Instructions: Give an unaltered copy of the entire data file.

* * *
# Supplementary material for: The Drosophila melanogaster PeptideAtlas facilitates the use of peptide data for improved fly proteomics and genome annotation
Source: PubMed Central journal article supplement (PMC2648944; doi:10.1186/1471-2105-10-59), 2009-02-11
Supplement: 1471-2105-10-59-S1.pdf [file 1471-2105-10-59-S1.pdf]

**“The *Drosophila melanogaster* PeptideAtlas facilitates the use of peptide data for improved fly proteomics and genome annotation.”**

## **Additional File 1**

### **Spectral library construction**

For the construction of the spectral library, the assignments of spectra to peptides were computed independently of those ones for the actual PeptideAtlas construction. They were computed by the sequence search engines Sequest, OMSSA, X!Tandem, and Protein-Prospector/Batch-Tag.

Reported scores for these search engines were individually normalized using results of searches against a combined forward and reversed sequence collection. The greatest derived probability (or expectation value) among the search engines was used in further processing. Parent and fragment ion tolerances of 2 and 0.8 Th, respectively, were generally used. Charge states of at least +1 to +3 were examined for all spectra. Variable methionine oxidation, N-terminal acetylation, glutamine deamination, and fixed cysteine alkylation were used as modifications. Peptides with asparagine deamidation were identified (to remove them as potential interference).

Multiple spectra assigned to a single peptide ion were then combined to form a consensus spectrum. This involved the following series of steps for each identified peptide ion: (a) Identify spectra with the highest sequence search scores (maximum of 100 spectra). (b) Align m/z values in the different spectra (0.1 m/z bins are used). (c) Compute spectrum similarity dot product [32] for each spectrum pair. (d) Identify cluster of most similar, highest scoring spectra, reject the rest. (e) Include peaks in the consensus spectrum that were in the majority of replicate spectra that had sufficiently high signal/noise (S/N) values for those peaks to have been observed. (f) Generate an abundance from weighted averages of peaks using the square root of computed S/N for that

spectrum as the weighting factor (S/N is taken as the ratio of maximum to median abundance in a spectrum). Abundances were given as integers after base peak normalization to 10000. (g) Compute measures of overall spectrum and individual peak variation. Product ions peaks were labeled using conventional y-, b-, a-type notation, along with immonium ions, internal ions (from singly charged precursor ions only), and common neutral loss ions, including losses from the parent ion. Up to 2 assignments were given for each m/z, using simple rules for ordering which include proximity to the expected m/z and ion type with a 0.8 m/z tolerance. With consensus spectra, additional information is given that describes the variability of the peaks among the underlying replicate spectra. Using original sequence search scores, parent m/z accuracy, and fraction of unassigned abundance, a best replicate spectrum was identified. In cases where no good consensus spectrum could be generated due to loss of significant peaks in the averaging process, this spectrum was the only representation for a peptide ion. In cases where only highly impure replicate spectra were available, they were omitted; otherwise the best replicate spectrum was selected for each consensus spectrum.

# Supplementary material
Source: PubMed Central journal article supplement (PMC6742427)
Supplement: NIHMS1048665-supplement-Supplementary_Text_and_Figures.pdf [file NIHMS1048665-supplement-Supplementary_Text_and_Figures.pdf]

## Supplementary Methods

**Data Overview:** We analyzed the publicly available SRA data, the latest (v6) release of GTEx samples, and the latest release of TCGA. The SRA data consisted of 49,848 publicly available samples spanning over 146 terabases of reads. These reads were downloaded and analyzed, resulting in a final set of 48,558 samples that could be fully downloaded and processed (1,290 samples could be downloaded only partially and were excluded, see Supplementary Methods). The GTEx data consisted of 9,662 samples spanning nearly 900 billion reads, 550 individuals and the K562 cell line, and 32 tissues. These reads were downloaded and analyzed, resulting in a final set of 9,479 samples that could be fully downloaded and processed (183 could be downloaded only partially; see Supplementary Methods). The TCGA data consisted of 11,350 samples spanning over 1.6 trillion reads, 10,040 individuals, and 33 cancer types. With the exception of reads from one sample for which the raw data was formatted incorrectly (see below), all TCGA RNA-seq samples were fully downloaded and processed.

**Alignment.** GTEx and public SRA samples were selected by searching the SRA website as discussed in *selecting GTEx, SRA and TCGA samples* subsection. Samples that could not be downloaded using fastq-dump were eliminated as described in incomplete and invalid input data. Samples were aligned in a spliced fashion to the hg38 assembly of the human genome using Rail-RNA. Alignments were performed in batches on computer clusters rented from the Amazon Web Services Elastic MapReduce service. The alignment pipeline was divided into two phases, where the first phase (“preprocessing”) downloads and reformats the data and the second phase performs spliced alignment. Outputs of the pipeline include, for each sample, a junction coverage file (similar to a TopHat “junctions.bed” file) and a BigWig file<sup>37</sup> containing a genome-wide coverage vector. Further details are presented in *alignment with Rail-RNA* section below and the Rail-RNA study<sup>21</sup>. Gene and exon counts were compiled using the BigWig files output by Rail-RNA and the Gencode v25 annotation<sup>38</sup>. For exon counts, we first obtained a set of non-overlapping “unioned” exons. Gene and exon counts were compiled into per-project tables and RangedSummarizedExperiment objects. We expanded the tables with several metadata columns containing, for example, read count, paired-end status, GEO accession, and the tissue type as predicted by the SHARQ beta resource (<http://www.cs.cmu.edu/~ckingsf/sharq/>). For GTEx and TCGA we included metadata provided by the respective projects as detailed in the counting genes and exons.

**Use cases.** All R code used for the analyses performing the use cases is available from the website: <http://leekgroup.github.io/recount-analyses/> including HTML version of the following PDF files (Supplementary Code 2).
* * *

# Supplementary material for: The Drosophila melanogaster PeptideAtlas facilitates the use of peptide data for improved fly proteomics and genome annotation
Source: PubMed Central journal article supplement (PMC2648944; doi:10.1186/1471-2105-10-59), 2009-02-11
Supplement: 1471-2105-10-59-S1.pdf [file 1471-2105-10-59-S1.pdf]

**“The *Drosophila melanogaster* PeptideAtlas facilitates the use of peptide data for improved fly proteomics and genome annotation.”**

## **Additional File 1**

### **Spectral library construction**

For the construction of the spectral library, the assignments of spectra to peptides were computed independently of those ones for the actual PeptideAtlas construction. They were computed by the sequence search engines Sequest, OMSSA, X!Tandem, and Protein-Prospector/Batch-Tag.

Reported scores for these search engines were individually normalized using results of searches against a combined forward and reversed sequence collection. The greatest derived probability (or expectation value) among the search engines was used in further processing. Parent and fragment ion tolerances of 2 and 0.8 Th, respectively, were generally used. Charge states of at least +1 to +3 were examined for all spectra. Variable methionine oxidation, N-terminal acetylation, glutamine deamination, and fixed cysteine alkylation were used as modifications. Peptides with asparagine deamidation were identified (to remove them as potential interference).

Multiple spectra assigned to a single peptide ion were then combined to form a consensus spectrum. This involved the following series of steps for each identified peptide ion: (a) Identify spectra with the highest sequence search scores (maximum of 100 spectra). (b) Align m/z values in the different spectra (0.1 m/z bins are used). (c) Compute spectrum similarity dot product [32] for each spectrum pair. (d) Identify cluster of most similar, highest scoring spectra, reject the rest. (e) Include peaks in the consensus spectrum that were in the majority of replicate spectra that had sufficiently high signal/noise (S/N) values for those peaks to have been observed. (f) Generate an abundance from weighted averages of peaks using the square root of computed S/N for that

spectrum as the weighting factor (S/N is taken as the ratio of maximum to median abundance in a spectrum). Abundances were given as integers after base peak normalization to 10000. (g) Compute measures of overall spectrum and individual peak variation. Product ions peaks were labeled using conventional y-, b-, a-type notation, along with immonium ions, internal ions (from singly charged precursor ions only), and common neutral loss ions, including losses from the parent ion. Up to 2 assignments were given for each m/z, using simple rules for ordering which include proximity to the expected m/z and ion type with a 0.8 m/z tolerance. With consensus spectra, additional information is given that describes the variability of the peaks among the underlying replicate spectra. Using original sequence search scores, parent m/z accuracy, and fraction of unassigned abundance, a best replicate spectrum was identified. In cases where no good consensus spectrum could be generated due to loss of significant peaks in the averaging process, this spectrum was the only representation for a peptide ion. In cases where only highly impure replicate spectra were available, they were omitted; otherwise the best replicate spectrum was selected for each consensus spectrum.

# Supplementary material
Source: PubMed Central journal article supplement (PMC6742427)
Supplement: NIHMS1048665-supplement-Supplementary_Text_and_Figures.pdf [file NIHMS1048665-supplement-Supplementary_Text_and_Figures.pdf]

## Supplementary Methods

**Data Overview:** We analyzed the publicly available SRA data, the latest (v6) release of GTEx samples, and the latest release of TCGA. The SRA data consisted of 49,848 publicly available samples spanning over 146 terabases of reads. These reads were downloaded and analyzed, resulting in a final set of 48,558 samples that could be fully downloaded and processed (1,290 samples could be downloaded only partially and were excluded, see Supplementary Methods). The GTEx data consisted of 9,662 samples spanning nearly 900 billion reads, 550 individuals and the K562 cell line, and 32 tissues. These reads were downloaded and analyzed, resulting in a final set of 9,479 samples that could be fully downloaded and processed (183 could be downloaded only partially; see Supplementary Methods). The TCGA data consisted of 11,350 samples spanning over 1.6 trillion reads, 10,040 individuals, and 33 cancer types. With the exception of reads from one sample for which the raw data was formatted incorrectly (see below), all TCGA RNA-seq samples were fully downloaded and processed.

**Alignment.** GTEx and public SRA samples were selected by searching the SRA website as discussed in *selecting GTEx, SRA and TCGA samples* subsection. Samples that could not be downloaded using fastq-dump were eliminated as described in incomplete and invalid input data. Samples were aligned in a spliced fashion to the hg38 assembly of the human genome using Rail-RNA. Alignments were performed in batches on computer clusters rented from the Amazon Web Services Elastic MapReduce service. The alignment pipeline was divided into two phases, where the first phase (“preprocessing”) downloads and reformats the data and the second phase performs spliced alignment. Outputs of the pipeline include, for each sample, a junction coverage file (similar to a TopHat “junctions.bed” file) and a BigWig file<sup>37</sup> containing a genome-wide coverage vector. Further details are presented in *alignment with Rail-RNA* section below and the Rail-RNA study<sup>21</sup>. Gene and exon counts were compiled using the BigWig files output by Rail-RNA and the Gencode v25 annotation<sup>38</sup>. For exon counts, we first obtained a set of non-overlapping “unioned” exons. Gene and exon counts were compiled into per-project tables and RangedSummarizedExperiment objects. We expanded the tables with several metadata columns containing, for example, read count, paired-end status, GEO accession, and the tissue type as predicted by the SHARQ beta resource (<http://www.cs.cmu.edu/~ckingsf/sharq/>). For GTEx and TCGA we included metadata provided by the respective projects as detailed in the counting genes and exons.

**Use cases.** All R code used for the analyses performing the use cases is available from the website: <http://leekgroup.github.io/recount-analyses/> including HTML version of the following PDF files (Supplementary Code 2).